Coming up short with sea view


Verifying information about a property before presenting it to a potential buyer is a cornerstone responsibility for an estate agent.

A failure to do so could lead to disciplinary action by the Estate Agents Authority, as a salesman representing both buyer and seller in a residential property transaction discovered.

He arranged a site check of the property, which had an open sea view, with the prospective purchaser.

As there were two building sites in front of the property, the buyer asked about height restrictions on these building sites as he was worried the sea view would be blocked.

The salesman’s response was that a part of the sea view would be retained as a height restriction of 50 meters applied to the sites.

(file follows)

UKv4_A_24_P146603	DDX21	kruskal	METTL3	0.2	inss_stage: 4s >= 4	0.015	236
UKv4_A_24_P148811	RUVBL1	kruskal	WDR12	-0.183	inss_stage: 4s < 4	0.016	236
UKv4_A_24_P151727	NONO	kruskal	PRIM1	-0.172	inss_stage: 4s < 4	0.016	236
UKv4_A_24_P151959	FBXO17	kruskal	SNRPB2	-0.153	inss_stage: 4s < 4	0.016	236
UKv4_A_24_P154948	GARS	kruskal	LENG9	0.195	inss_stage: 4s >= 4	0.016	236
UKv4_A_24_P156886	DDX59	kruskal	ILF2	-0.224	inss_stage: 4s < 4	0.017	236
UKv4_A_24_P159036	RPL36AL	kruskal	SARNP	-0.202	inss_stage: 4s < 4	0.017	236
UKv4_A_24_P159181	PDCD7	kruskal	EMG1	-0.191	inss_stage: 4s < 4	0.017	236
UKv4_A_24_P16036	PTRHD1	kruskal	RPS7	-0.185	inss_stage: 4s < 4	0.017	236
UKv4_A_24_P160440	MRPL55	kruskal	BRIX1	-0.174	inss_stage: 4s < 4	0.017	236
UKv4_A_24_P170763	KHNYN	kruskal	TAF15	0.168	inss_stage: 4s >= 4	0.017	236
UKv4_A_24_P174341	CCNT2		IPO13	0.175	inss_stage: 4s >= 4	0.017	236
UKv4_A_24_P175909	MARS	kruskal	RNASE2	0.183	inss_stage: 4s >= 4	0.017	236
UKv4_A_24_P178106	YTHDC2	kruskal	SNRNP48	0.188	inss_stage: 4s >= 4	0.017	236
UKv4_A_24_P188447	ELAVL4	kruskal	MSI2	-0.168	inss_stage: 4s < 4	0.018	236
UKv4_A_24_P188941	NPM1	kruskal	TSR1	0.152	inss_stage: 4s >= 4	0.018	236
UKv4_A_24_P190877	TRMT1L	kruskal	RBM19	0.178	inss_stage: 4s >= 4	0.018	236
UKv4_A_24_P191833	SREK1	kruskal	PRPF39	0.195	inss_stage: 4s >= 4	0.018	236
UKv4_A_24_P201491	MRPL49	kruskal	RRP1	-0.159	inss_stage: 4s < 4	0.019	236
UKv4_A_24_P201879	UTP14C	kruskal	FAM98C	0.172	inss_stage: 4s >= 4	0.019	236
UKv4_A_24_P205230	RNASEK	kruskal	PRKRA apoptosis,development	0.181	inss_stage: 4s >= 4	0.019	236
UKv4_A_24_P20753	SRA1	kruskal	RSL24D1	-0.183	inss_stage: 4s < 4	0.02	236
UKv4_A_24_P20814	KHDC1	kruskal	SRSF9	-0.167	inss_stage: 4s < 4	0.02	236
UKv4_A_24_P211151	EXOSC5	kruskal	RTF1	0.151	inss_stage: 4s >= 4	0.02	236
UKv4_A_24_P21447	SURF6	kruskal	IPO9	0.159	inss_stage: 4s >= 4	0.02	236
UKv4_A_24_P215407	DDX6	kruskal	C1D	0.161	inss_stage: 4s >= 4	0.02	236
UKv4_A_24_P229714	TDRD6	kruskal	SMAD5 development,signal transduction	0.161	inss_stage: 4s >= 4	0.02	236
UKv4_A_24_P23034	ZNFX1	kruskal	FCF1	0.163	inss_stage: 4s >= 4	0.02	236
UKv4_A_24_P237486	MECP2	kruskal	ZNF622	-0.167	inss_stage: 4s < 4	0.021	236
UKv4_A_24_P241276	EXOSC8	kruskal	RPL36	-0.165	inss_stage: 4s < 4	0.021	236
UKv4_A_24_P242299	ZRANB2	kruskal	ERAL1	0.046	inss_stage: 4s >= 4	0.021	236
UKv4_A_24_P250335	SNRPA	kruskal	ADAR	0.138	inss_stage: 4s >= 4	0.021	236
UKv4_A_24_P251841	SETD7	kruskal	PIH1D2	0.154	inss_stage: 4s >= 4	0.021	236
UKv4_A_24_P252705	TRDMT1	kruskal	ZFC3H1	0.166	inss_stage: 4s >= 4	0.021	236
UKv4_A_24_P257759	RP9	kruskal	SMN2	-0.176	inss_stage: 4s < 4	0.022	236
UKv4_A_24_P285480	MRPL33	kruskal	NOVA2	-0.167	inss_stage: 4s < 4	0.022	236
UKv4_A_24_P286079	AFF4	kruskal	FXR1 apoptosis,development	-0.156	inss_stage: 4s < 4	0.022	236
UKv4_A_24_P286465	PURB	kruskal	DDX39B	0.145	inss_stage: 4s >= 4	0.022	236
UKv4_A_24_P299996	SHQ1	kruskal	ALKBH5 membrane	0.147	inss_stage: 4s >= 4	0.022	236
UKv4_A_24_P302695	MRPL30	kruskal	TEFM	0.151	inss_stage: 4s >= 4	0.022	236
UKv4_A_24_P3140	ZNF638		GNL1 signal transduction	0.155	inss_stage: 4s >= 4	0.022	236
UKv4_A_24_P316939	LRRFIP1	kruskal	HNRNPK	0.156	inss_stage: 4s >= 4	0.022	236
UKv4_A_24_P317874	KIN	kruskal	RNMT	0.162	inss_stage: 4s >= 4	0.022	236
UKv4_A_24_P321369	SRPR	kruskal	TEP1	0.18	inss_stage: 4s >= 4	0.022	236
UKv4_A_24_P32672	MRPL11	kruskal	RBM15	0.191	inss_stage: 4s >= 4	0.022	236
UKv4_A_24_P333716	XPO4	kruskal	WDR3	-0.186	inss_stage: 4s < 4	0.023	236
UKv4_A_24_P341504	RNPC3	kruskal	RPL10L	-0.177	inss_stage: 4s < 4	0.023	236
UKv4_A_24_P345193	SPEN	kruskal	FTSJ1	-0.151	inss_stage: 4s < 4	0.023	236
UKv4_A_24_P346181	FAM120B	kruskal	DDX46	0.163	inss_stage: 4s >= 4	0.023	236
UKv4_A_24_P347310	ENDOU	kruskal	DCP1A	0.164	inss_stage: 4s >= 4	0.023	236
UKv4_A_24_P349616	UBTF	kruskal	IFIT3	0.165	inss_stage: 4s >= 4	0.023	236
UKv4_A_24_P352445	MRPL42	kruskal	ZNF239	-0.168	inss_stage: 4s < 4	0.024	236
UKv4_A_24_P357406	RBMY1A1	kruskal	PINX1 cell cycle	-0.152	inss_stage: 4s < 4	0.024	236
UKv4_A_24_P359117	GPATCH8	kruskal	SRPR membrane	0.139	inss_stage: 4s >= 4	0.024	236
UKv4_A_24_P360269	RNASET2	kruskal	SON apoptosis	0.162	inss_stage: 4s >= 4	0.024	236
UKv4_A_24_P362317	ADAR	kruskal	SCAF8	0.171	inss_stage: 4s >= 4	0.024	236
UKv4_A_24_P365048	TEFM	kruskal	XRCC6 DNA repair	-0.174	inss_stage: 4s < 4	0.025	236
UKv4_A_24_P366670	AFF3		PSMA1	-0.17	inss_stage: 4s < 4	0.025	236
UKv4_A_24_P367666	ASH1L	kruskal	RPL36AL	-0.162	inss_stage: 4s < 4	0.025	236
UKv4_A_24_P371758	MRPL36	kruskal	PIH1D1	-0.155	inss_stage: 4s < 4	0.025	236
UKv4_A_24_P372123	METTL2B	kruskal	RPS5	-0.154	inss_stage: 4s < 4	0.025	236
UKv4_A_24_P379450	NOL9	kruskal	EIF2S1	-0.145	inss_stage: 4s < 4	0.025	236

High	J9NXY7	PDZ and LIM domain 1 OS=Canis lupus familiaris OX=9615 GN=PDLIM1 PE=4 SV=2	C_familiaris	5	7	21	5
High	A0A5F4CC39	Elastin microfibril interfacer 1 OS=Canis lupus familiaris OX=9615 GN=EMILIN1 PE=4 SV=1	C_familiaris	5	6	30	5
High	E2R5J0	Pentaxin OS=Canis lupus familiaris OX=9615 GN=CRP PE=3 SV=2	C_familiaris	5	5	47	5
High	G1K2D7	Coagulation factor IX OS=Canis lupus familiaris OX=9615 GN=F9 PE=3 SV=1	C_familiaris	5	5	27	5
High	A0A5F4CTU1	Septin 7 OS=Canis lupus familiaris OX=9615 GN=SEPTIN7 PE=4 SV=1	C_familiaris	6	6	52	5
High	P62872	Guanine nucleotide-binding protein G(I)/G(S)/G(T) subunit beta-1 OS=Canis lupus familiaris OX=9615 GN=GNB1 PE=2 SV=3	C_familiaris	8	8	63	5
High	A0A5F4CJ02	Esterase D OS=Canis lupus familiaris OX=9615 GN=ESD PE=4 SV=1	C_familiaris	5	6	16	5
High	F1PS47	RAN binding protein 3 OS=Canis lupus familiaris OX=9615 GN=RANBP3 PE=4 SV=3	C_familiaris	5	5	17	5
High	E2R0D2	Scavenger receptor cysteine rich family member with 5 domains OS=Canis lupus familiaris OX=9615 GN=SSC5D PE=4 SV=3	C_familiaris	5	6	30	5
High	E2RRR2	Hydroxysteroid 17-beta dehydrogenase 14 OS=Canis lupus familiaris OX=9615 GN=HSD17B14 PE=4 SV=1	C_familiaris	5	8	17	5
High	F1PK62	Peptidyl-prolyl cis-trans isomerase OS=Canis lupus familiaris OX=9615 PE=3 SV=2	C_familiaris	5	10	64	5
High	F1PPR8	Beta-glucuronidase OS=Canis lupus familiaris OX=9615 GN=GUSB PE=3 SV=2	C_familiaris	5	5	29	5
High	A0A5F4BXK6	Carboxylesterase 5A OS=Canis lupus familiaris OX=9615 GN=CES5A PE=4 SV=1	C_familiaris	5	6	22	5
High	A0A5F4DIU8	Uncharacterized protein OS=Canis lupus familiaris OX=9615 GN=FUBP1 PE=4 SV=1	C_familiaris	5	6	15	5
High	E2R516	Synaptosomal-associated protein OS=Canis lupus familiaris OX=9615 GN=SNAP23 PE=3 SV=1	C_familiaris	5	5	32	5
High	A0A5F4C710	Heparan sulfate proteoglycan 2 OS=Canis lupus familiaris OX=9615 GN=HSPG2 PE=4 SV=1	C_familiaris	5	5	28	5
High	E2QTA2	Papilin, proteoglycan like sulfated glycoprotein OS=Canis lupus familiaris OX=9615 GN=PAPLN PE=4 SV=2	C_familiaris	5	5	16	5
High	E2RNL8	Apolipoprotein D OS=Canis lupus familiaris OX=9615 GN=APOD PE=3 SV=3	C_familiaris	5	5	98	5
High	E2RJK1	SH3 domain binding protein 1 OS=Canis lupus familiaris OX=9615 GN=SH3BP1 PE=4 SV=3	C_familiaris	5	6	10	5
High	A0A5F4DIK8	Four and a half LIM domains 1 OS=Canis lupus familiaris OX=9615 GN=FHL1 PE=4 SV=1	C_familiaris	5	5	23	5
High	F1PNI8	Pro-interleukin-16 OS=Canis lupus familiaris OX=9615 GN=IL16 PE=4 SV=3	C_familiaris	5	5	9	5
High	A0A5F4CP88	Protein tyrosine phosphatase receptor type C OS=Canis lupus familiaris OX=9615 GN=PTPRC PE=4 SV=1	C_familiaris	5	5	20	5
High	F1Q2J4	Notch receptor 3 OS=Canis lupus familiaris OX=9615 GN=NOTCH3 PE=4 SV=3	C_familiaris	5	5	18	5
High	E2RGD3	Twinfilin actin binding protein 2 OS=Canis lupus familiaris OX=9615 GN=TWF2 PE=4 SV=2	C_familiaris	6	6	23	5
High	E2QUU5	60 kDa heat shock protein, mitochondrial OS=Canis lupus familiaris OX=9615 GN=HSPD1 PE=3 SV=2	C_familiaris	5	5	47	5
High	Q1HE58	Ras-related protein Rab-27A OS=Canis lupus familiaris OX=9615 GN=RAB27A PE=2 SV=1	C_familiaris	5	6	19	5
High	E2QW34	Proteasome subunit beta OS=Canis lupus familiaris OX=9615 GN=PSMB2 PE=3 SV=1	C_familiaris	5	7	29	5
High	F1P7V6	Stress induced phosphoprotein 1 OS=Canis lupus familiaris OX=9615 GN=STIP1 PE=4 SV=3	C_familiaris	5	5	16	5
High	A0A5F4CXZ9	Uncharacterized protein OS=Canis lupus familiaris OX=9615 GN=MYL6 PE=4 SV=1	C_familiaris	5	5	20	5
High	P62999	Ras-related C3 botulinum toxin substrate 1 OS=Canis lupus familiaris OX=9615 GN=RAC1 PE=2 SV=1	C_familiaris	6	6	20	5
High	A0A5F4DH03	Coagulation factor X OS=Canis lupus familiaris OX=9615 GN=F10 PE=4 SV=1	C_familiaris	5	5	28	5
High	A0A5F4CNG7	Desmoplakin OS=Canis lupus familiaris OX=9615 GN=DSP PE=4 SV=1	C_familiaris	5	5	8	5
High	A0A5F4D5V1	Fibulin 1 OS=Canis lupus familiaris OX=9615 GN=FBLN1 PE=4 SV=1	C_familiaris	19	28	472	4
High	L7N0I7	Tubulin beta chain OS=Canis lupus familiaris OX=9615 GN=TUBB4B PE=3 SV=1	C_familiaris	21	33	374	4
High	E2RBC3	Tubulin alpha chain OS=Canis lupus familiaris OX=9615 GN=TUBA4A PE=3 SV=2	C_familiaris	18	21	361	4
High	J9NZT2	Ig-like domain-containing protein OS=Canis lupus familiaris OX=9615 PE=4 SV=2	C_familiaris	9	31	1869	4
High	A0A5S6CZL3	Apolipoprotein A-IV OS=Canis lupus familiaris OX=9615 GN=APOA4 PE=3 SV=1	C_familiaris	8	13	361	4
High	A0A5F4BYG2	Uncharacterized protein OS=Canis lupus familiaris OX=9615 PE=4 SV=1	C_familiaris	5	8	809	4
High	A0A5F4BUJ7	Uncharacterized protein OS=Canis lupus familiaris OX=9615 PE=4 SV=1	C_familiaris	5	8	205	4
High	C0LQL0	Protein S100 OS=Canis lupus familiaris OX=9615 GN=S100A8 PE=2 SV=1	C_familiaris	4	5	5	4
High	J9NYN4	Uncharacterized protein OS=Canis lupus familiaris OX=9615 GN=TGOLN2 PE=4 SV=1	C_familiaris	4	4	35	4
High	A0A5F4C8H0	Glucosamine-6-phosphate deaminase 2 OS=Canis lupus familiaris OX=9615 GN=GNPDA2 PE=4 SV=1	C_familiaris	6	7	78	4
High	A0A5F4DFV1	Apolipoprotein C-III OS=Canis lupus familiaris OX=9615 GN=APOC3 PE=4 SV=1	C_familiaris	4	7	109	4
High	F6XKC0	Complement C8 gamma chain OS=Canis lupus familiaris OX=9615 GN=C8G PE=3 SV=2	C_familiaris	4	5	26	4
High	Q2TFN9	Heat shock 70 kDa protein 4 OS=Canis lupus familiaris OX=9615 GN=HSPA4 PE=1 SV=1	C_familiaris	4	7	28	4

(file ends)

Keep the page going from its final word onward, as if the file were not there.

After signing a provisional agreement for sale and purchase, the buyer discovered from a check on the internet that the height restrictions on the two building sites had been relaxed and raised from 50 to 65 meters.

Aggrieved, he lodged a complaint with the Estate Agents Authority.

The EAA disciplinary committee took the view that the salesman had failed to exercise due care and diligence in verifying the height restriction of the buildings and made a false presentation to the purchaser.

He was in breach of paragraph 3.5.1 of the EAA’s code of ethics, which states that “estate agents and salespersons shall in fulfilling their duties exercise due care and due diligence.”

The committee suspended the salesman’s license for seven days and also attached a condition to it, requiring him to obtain 12 points in the core subjects of the Continuing Professional Development Scheme within 12 months.

(14 September 2017)

(Published in The Standard)